Charles Chu, master artist and Connecticut College emeritus professor, dies at 90
October 31, 2008
Charles Chi-Jung Chu, master painter, calligrapher, scholar and emeritus professor of Chinese at Connecticut College, died yesterday, October 30, 2008. He was 90.
"Connecticut College has lost a true icon," Connecticut College President Leo I. Higdon Jr. said. "Charles Chu embodied so much that is positive about Connecticut College - academic excellence, personal relationships that helped guide students´ intellectual and co-curricular development and an appreciation for and involvement in the city of New London."
Chu, a professor at Connecticut College for 19 years before his retirement in 1984, was hired by Connecticut College President Charles Shain to introduce Mandarin Chinese to the college in 1965. Subsequently, Connecticut College became one of the first undergraduate liberal arts colleges in the nation to offer majors in Chinese language and literature. In 1996, Chu was awarded the Connecticut College Medal, the highest honor the College can confer, for his "exhilarating and lasting effect" on life at Connecticut College.
"To study with Charles was to be exposed to lively doses of Chinese culture and sensibility, an experience similar in some ways to looking at a Chinese painting," Brian Rogers, former college librarian, wrote in a 2002 article for the college´s alumni magazine.
Chu was born in a small farming village in Hebei Province, China, in 1918. Nicknamed "little frog," by his mother for his active nature, Chu completed high school in Beijing and went on to study at the National Central University in China. In 1945, he came to the United States to pursue graduate studies at the University of California at Berkeley and later at Harvard University. Chu then taught at Yale University for 15 years before establishing and directing the Chinese program at Connecticut College.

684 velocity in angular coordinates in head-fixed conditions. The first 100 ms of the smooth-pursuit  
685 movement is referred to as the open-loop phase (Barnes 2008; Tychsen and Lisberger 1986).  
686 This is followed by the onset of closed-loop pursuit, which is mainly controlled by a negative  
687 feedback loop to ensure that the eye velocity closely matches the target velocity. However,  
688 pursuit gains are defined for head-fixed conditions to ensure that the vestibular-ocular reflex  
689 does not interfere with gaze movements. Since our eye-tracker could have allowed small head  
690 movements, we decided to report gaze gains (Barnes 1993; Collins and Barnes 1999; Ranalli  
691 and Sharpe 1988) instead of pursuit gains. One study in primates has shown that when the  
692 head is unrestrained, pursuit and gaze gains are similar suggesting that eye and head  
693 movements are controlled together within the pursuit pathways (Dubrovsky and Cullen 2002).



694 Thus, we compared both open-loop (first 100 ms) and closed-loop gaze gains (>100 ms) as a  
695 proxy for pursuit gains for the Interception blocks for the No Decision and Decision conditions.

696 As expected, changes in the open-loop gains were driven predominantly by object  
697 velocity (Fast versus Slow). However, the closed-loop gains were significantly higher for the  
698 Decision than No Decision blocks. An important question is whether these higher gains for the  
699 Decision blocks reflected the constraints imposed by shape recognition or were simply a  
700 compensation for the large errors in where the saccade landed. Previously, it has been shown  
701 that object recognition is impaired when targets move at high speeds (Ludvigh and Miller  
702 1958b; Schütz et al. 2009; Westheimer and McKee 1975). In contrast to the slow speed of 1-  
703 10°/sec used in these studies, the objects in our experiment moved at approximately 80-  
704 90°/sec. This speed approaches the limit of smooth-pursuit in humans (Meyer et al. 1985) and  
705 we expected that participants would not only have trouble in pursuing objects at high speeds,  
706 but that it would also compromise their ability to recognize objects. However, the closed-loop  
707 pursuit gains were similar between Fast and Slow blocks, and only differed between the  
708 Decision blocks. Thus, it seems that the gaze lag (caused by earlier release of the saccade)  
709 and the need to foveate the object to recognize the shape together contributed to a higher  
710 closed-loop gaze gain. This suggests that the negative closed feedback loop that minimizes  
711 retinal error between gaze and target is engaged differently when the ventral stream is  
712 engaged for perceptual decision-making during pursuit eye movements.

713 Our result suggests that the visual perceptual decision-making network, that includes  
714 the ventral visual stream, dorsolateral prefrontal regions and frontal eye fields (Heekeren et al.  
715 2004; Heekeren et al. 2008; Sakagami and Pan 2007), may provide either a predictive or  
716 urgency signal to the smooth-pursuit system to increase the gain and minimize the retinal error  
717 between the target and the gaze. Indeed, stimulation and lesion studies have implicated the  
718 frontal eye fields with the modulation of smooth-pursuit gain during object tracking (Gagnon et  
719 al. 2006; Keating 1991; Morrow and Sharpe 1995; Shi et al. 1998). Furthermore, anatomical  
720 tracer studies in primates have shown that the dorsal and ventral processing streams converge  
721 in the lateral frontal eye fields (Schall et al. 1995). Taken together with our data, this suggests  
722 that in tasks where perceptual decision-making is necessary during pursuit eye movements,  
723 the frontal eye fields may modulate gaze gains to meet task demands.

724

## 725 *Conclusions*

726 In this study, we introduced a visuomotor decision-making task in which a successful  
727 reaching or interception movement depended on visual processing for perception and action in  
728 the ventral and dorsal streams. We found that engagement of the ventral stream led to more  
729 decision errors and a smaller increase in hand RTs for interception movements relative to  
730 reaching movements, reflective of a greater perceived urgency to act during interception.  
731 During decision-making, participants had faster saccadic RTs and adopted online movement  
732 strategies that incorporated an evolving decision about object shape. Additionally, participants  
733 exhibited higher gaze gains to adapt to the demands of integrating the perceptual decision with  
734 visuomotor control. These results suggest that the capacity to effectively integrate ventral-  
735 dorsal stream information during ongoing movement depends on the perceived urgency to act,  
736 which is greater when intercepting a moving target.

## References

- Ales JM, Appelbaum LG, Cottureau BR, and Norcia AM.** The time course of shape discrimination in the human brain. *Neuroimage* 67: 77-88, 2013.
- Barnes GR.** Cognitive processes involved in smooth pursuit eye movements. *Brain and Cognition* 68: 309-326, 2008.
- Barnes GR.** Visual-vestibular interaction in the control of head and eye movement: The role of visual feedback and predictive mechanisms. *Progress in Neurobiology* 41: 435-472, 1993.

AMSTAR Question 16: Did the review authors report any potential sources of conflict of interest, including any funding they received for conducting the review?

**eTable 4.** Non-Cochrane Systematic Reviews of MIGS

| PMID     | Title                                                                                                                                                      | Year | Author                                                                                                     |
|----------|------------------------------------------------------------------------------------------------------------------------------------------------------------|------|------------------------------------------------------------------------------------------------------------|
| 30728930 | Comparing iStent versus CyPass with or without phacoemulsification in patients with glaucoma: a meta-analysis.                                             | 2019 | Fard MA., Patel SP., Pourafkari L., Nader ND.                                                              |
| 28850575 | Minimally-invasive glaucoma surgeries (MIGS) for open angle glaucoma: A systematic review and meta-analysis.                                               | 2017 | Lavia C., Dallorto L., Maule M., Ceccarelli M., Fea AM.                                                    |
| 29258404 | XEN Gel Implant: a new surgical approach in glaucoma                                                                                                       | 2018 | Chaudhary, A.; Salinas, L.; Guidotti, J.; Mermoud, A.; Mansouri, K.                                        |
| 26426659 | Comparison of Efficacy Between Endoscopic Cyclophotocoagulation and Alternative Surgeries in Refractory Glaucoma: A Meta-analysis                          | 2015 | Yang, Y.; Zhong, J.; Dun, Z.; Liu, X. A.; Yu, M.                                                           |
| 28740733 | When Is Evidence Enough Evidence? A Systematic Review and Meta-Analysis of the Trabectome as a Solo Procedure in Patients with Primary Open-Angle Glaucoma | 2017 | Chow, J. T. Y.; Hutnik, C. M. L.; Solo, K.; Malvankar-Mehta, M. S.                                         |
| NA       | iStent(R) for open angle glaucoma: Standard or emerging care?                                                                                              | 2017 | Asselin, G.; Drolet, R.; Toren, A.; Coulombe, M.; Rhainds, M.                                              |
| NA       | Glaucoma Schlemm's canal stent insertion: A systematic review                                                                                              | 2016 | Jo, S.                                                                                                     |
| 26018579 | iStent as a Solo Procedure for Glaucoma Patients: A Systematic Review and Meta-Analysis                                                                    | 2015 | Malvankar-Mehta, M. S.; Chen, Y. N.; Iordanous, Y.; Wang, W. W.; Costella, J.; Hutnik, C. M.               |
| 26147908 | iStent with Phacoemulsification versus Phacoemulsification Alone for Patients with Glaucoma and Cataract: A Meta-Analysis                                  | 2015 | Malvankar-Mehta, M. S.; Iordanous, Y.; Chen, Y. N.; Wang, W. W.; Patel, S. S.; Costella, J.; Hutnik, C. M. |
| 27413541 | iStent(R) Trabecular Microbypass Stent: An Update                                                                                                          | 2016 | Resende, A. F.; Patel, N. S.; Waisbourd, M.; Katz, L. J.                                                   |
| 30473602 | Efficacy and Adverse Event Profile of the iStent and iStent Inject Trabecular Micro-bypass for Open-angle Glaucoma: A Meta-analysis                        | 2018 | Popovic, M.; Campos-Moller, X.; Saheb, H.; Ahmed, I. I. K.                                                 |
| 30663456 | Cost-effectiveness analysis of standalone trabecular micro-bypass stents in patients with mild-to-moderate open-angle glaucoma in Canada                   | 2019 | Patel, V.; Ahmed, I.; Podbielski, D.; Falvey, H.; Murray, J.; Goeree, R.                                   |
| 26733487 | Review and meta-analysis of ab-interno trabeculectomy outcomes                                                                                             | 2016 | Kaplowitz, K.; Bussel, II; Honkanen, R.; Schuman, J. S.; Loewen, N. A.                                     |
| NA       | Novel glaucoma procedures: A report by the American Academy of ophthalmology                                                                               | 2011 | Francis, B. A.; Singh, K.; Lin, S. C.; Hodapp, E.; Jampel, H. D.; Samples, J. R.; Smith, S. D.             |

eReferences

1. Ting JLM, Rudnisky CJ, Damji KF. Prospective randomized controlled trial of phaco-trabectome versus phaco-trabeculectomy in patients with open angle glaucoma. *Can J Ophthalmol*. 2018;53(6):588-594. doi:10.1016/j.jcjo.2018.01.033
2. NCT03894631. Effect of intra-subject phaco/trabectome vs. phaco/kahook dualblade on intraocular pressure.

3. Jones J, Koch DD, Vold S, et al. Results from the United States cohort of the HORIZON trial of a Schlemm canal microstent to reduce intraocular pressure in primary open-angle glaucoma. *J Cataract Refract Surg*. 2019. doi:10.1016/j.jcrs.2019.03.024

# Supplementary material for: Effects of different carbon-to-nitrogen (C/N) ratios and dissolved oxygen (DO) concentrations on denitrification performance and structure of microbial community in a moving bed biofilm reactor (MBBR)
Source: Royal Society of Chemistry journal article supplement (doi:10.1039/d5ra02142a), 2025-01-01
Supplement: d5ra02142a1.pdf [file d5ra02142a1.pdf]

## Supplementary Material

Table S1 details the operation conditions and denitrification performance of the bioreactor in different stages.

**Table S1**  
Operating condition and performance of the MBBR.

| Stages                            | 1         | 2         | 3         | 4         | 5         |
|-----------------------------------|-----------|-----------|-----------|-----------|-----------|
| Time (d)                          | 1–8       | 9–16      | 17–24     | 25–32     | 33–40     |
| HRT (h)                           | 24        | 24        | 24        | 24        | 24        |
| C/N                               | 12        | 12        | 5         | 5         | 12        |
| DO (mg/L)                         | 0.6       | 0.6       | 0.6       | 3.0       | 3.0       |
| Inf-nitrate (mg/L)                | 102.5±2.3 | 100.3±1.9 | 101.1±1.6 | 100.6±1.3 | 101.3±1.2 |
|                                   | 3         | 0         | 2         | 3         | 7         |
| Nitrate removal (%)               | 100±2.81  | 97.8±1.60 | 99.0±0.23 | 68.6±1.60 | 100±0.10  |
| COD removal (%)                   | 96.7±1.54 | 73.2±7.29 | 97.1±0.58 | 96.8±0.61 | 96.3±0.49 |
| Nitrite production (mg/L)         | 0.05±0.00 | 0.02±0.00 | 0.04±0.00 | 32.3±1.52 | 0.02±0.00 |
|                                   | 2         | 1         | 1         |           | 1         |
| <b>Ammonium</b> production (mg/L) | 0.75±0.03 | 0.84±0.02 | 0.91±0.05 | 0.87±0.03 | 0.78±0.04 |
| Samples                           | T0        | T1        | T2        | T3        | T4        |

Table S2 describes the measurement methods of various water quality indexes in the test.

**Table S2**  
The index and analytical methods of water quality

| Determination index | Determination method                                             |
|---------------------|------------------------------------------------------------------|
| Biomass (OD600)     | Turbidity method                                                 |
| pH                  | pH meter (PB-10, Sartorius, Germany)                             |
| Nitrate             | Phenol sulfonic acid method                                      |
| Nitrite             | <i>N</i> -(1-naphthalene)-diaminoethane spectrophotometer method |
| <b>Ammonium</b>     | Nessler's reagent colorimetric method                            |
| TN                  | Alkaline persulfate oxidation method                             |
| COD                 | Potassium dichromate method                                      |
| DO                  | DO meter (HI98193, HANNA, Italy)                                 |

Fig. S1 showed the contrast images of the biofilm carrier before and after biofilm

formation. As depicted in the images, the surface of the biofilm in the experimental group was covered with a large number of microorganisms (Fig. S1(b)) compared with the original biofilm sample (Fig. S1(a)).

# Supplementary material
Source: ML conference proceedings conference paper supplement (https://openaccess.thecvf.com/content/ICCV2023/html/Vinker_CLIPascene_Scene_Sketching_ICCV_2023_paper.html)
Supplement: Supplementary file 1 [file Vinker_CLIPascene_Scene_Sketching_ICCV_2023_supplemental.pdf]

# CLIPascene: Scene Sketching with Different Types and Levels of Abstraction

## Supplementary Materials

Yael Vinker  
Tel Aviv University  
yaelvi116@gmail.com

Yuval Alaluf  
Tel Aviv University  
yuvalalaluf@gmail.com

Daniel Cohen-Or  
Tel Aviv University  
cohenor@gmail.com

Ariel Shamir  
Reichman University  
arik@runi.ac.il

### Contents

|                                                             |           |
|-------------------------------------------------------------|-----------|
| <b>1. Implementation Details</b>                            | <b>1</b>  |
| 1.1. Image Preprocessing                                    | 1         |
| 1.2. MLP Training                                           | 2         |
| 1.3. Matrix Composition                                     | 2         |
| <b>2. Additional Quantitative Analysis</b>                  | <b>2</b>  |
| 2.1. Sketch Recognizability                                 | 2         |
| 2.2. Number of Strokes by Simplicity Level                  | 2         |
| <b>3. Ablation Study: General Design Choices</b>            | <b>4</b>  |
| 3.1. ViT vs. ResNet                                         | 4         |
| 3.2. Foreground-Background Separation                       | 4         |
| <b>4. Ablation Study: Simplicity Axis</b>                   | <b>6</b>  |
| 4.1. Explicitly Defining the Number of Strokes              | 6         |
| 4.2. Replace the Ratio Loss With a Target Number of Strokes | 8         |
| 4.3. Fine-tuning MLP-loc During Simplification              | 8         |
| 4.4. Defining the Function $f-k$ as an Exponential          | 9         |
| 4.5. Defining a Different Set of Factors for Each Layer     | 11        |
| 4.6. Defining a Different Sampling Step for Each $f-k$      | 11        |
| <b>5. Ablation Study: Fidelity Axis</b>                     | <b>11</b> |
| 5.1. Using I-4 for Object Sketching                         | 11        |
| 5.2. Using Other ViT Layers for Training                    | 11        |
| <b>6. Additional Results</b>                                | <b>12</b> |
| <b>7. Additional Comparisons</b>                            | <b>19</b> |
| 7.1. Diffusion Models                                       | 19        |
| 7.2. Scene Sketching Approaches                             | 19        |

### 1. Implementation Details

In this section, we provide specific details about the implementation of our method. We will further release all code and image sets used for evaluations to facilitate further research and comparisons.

A skilled painter and calligrapher, Chu is well known for his sweeping watercolors, detailed exhibitions and popular public demonstrations of calligraphy and brush painting. Chu´s whimsical depiction of the Connecticut College campus and famous drawing of the college´s mascot, the camel, have sold hundreds of copies over the years.
Following Chu´s retirement from teaching, he teamed up with Hughes "Toby" Griffis to compile a special collection of East Asian art for Connecticut College. As founding curator of the collection, Chu traveled to China, New York City and other locations to purchase significant paintings of landscapes, birds, flowers and animals.
In 2001, Connecticut College dedicated the Charles Chu Asian Art Reading Room on the main floor of the Shain Library. The room, easily one of the most beautiful locations on campus, became the permanent exhibition area for what is now known as the Chu-Griffis collection.
In the years following his retirement, Chu retained a very close relationship with the college. He could often be found in the center of a crowd at any number of college events, and many of his former students and colleagues kept in close touch with the influential professor.
Nancy Farwell, a 1973 graduate of Connecticut College, decided to attend Connecticut College after meeting with Chu her senior year of high school, and Chu remained a mentor and friend throughout her adult life. Farwell, who gave her daughter the middle name "Chu," said in 2006, "Professor Chu is a phenomenal teacher. In addition to having great command of the material, he compels students to engage with him, using Chinese."
Chu is survived by his wife, Bettie, four children and 11 grandchildren. Calling hours are this Sunday, Nov. 2, at Neilan Funeral Home, 12 Ocean Avenue, New London, from 2 to 5 p.m.